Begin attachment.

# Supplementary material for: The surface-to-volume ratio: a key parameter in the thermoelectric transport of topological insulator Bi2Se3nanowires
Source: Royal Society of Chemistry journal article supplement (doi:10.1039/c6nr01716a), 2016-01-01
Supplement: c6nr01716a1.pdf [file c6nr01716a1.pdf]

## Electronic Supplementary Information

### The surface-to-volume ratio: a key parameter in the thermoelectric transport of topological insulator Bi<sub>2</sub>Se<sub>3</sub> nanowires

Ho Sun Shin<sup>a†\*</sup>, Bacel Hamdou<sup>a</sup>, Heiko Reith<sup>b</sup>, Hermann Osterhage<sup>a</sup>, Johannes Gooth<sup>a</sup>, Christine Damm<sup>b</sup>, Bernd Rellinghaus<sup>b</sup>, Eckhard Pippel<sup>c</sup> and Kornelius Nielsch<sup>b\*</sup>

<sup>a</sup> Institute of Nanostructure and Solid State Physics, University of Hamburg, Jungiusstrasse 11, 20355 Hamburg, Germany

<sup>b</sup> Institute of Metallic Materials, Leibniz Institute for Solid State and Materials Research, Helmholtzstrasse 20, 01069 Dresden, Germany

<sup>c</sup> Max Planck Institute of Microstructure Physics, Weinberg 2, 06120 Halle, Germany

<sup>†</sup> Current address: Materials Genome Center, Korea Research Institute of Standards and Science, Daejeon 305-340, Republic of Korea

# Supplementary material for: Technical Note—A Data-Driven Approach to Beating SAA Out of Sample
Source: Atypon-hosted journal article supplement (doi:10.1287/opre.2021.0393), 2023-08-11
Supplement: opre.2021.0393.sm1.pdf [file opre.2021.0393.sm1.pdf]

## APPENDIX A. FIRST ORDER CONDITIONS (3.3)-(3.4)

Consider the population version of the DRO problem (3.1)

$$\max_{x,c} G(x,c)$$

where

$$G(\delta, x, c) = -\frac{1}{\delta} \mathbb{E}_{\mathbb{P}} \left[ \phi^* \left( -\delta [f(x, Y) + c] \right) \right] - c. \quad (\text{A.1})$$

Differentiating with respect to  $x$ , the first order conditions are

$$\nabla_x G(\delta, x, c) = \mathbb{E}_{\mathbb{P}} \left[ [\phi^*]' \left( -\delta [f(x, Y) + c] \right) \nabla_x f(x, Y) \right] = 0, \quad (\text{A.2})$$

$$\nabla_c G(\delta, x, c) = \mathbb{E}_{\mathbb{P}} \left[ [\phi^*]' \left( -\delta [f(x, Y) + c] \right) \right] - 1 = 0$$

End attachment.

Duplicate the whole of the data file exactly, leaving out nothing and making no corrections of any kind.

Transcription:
# Supplementary material for: The surface-to-volume ratio: a key parameter in the thermoelectric transport of topological insulator Bi2Se3nanowires
Source: Royal Society of Chemistry journal article supplement (doi:10.1039/c6nr01716a), 2016-01-01
Supplement: c6nr01716a1.pdf [file c6nr01716a1.pdf]

## Electronic Supplementary Information

### The surface-to-volume ratio: a key parameter in the thermoelectric transport of topological insulator Bi<sub>2</sub>Se<sub>3</sub> nanowires

Ho Sun Shin<sup>a†\*</sup>, Bacel Hamdou<sup>a</sup>, Heiko Reith<sup>b</sup>, Hermann Osterhage<sup>a</sup>, Johannes Gooth<sup>a</sup>, Christine Damm<sup>b</sup>, Bernd Rellinghaus<sup>b</sup>, Eckhard Pippel<sup>c</sup> and Kornelius Nielsch<sup>b\*</sup>

<sup>a</sup> Institute of Nanostructure and Solid State Physics, University of Hamburg, Jungiusstrasse 11, 20355 Hamburg, Germany

<sup>b</sup> Institute of Metallic Materials, Leibniz Institute for Solid State and Materials Research, Helmholtzstrasse 20, 01069 Dresden, Germany

<sup>c</sup> Max Planck Institute of Microstructure Physics, Weinberg 2, 06120 Halle, Germany

<sup>†</sup> Current address: Materials Genome Center, Korea Research Institute of Standards and Science, Daejeon 305-340, Republic of Korea

# Supplementary material for: Technical Note—A Data-Driven Approach to Beating SAA Out of Sample
Source: Atypon-hosted journal article supplement (doi:10.1287/opre.2021.0393), 2023-08-11
Supplement: opre.2021.0393.sm1.pdf [file opre.2021.0393.sm1.pdf]

## APPENDIX A. FIRST ORDER CONDITIONS (3.3)-(3.4)

Consider the population version of the DRO problem (3.1)

$$\max_{x,c} G(x,c)$$

where

$$G(\delta, x, c) = -\frac{1}{\delta} \mathbb{E}_{\mathbb{P}} \left[ \phi^* \left( -\delta [f(x, Y) + c] \right) \right] - c. \quad (\text{A.1})$$

Differentiating with respect to  $x$ , the first order conditions are

$$\nabla_x G(\delta, x, c) = \mathbb{E}_{\mathbb{P}} \left[ [\phi^*]' \left( -\delta [f(x, Y) + c] \right) \nabla_x f(x, Y) \right] = 0, \quad (\text{A.2})$$

$$\nabla_c G(\delta, x, c) = \mathbb{E}_{\mathbb{P}} \left[ [\phi^*]' \left( -\delta [f(x, Y) + c] \right) \right] - 1 = 0$$